Using AI to Understand Dog Barking

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Using AI to Understand Dog Barking

Have you ever wanted to know what your dog needs to communicate? Researchers at the University of Michigan are exploring the potential of artificial intelligence (AI) in creating a system that can distinguish whether a dog’s barking means playfulness or aggression.


These AI models can also extract additional information from animal sounds, determining the age, breed, and gender of the animal. In collaboration with Mexico’s National Institute of Astrophysics, Optics, and Electronics (INAOE in Puebla), the study shows that artificial intelligence systems originally trained on human language can be adapted to decipher animal communication. The findings were presented at the Joint International Conference on Computational Linguistics, Language Resources, and Assessment and published on the arXiv preprints server.


“By using speech processing models trained on human language, our research provides new insights into the use of these tools to understand the subtleties of dog barking,” said Rada Michalcha, the Janice M. Jenkins Collegiate Professor of Computer Science and Engineering and director of U-M AI. Laboratory. “We still have a lot to learn about the animals we live with on our planet. The development of artificial intelligence can greatly improve our understanding of animal communication, and our results suggest that we may not have to start from scratch.”


A major obstacle to the development of AI models to analyze animal sounds is the scarcity of publicly available data. Although there are many resources for human language, collecting data from animals is much more difficult. “Requiring and recording animal sounds is more difficult from a logistical standpoint,” noted Artem Abzaliev, lead author and a U-M computer science and engineering doctoral student. “They must be passively recorded in their natural habitat or, for pets, with the owner’s consent.”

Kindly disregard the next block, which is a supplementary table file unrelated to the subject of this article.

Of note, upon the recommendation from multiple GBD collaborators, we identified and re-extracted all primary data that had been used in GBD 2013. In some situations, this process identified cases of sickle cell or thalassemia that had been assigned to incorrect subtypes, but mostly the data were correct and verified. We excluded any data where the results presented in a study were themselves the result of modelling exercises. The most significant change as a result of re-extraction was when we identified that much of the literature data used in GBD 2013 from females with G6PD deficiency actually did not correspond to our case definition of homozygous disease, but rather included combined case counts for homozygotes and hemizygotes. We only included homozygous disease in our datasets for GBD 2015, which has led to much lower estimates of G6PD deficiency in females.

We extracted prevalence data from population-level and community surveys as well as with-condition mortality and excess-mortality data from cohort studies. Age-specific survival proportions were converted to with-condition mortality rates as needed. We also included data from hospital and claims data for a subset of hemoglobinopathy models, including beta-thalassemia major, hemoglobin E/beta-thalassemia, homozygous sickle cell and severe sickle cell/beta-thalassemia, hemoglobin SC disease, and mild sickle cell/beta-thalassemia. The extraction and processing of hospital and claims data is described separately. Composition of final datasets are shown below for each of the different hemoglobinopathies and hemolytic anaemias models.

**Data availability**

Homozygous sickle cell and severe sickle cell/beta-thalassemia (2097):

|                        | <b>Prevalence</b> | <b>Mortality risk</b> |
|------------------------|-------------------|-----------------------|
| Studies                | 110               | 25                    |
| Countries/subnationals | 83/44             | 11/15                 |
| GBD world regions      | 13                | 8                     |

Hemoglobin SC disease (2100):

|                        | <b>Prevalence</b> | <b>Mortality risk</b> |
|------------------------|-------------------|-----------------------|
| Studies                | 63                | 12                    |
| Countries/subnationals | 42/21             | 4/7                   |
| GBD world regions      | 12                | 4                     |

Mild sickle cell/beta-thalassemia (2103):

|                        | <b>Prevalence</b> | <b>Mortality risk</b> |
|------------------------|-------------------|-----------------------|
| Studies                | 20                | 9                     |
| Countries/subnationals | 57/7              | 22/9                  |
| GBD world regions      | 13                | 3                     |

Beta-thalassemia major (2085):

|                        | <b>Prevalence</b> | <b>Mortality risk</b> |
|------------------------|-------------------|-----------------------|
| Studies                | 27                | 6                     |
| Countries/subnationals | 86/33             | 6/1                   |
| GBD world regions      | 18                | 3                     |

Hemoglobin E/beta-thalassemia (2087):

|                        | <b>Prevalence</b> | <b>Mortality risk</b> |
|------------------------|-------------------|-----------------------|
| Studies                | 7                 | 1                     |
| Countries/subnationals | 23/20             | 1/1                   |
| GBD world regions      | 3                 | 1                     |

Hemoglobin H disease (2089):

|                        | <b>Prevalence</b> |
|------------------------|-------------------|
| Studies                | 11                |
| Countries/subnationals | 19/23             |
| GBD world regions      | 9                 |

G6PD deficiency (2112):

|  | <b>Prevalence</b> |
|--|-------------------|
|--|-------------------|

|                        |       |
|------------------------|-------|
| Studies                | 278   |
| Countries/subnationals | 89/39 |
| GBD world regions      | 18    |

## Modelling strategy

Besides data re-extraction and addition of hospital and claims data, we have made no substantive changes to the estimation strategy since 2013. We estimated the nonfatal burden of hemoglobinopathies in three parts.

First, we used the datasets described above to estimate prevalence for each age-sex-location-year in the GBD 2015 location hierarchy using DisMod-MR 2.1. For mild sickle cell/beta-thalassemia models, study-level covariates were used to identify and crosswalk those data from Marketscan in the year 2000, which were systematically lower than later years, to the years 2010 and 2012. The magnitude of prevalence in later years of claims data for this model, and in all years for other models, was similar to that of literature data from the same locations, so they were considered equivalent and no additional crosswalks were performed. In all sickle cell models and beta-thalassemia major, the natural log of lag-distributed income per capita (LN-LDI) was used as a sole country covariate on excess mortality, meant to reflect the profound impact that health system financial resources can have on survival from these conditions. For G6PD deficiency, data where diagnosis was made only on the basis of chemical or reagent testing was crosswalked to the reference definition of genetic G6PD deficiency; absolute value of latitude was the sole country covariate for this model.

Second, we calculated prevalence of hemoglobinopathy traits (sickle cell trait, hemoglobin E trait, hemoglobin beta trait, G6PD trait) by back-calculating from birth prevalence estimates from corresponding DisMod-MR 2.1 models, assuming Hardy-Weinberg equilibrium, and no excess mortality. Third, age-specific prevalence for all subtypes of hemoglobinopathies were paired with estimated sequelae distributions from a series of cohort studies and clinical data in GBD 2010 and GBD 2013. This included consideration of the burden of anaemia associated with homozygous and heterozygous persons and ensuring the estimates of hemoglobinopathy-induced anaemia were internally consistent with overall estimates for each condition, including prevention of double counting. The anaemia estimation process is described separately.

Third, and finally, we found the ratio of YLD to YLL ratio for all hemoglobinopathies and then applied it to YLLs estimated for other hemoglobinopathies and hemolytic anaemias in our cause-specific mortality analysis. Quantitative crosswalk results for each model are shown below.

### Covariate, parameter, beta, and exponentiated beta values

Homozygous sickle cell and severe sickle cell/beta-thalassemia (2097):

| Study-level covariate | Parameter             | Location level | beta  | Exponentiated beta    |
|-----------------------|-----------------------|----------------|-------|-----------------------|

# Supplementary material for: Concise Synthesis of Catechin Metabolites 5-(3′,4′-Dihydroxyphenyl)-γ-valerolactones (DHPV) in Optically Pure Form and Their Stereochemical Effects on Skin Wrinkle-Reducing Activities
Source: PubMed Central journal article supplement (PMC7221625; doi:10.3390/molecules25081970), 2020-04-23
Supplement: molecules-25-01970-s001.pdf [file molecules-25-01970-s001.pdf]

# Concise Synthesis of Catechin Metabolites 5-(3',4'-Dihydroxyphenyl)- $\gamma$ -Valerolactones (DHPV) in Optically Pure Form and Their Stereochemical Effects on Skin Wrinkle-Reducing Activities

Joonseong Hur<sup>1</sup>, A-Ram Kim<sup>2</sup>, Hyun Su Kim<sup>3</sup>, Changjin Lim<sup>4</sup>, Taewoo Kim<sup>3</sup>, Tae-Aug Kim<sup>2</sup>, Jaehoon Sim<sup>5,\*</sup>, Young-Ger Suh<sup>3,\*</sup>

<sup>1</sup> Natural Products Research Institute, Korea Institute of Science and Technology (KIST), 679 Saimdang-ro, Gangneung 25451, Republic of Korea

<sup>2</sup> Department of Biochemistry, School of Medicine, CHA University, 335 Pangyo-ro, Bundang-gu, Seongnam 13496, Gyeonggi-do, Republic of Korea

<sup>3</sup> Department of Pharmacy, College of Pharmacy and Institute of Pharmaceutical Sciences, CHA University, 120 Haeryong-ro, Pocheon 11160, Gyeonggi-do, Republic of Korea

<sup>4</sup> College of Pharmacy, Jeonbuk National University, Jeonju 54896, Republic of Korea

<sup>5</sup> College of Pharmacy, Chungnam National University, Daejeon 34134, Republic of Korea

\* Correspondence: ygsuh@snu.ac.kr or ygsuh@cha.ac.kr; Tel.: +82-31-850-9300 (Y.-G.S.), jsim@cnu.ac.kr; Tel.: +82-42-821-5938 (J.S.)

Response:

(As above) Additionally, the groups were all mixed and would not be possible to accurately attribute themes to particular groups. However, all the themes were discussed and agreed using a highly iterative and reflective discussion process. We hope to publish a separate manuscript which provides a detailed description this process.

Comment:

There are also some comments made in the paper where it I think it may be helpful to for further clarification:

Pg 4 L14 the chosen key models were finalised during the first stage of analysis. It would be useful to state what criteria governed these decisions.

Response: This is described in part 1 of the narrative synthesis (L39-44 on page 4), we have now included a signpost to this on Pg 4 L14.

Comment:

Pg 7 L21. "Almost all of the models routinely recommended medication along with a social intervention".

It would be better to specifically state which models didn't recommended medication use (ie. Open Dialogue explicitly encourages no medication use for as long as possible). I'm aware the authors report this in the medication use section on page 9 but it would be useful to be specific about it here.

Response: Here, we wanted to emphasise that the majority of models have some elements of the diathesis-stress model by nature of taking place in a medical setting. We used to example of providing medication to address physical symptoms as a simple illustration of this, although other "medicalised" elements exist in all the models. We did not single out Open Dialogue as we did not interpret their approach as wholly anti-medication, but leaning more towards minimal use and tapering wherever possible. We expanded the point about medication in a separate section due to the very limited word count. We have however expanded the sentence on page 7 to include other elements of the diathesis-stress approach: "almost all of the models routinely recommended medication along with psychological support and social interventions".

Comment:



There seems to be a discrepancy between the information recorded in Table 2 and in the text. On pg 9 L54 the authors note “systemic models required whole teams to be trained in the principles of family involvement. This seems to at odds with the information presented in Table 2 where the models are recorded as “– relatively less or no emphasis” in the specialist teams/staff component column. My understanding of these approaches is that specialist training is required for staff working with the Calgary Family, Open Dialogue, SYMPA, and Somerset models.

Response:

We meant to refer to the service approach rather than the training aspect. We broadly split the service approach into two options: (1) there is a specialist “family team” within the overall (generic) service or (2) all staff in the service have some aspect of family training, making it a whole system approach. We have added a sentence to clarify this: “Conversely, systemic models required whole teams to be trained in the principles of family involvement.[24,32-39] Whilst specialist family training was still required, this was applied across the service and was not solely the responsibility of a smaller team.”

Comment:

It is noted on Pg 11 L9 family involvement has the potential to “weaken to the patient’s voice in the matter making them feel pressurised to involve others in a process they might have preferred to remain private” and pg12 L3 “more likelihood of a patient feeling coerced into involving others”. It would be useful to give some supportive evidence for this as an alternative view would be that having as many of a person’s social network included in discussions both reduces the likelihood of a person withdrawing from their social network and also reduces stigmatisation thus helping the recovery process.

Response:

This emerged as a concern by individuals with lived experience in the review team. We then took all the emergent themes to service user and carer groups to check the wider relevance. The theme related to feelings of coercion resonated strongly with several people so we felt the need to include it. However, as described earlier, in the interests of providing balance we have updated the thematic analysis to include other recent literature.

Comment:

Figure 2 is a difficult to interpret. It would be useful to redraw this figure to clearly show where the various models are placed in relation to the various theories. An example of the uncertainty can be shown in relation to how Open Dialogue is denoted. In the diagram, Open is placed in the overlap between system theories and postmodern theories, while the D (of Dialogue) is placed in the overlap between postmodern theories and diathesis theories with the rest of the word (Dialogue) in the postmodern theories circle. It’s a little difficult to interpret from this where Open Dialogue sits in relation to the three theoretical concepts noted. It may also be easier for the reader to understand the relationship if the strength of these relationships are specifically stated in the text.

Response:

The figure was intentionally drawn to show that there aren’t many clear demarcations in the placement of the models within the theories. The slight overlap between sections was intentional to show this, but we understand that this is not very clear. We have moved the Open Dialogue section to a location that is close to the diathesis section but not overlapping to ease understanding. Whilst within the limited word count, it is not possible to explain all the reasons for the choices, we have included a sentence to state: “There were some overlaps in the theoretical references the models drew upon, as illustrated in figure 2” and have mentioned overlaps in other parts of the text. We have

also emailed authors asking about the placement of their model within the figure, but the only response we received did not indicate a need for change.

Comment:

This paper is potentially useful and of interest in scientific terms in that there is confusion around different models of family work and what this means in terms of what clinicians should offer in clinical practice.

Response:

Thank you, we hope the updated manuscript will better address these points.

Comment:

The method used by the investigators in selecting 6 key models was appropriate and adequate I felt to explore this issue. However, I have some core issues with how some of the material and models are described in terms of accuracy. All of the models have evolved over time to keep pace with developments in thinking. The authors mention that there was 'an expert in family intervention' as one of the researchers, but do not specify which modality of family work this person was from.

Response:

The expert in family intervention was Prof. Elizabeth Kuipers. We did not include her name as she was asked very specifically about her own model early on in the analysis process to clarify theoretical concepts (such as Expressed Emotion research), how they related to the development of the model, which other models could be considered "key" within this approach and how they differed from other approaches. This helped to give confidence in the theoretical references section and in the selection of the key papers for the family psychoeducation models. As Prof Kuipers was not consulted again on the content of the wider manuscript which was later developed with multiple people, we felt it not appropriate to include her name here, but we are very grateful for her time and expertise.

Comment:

Due to data limitations, creating methods for analyzing dog vocalizations has been a challenging task, and existing models are limited by a lack of training data. The researchers solved these problems by adapting an existing model originally developed to analyze human speech. This strategy has allowed researchers to use reliable models that form the basis of a variety of voice technologies, such as voice-to-text and speech translation. These models are trained to detect nuances of human speech, including tone, pitch, and accent, and convert that information into a format that computers can recognize.


“These models are designed to learn and encode complex patterns of human language and speech,” Abzaliev said. “We wanted to determine whether this ability could be applied to the interpretation of dog barking.” The team used a dataset of vocalizations from 74 dogs of different breeds, ages, and sexes recorded in different contexts. INAOE’s Humberto Pérez-Espinosa led the team that collected the dataset. Abzaliev then modified a machine-learning model that identifies patterns in large data sets using these records. They chose a speech model known as Wav2Vec2, originally trained on human speech data.


Using this model, researchers could generate representations of the dogs’ acoustic data and interpret those representations. They found that Wav2Vec2 not only coped with four classification tasks but also outperformed other models trained specifically for dog vocalizations, achieving an accuracy level of up to 70%. “This is an innovation in the sense that we have adapted methods optimized for human language to decode animal communication,” Michalca said. “Our results show that human speech patterns can provide a basis for analyzing the acoustic patterns of other sounds, such as animal vocalizations.”


In addition to establishing that human speech patterns are valuable for analyzing animal communication—which could benefit biologists, animal behaviorists, and the like—this research has significant implications for animal welfare. Understanding the nuances of dog barking could improve how people interpret and respond to the emotional and physical needs of dogs, improving their care and potentially preventing dangerous situations, researchers concluded.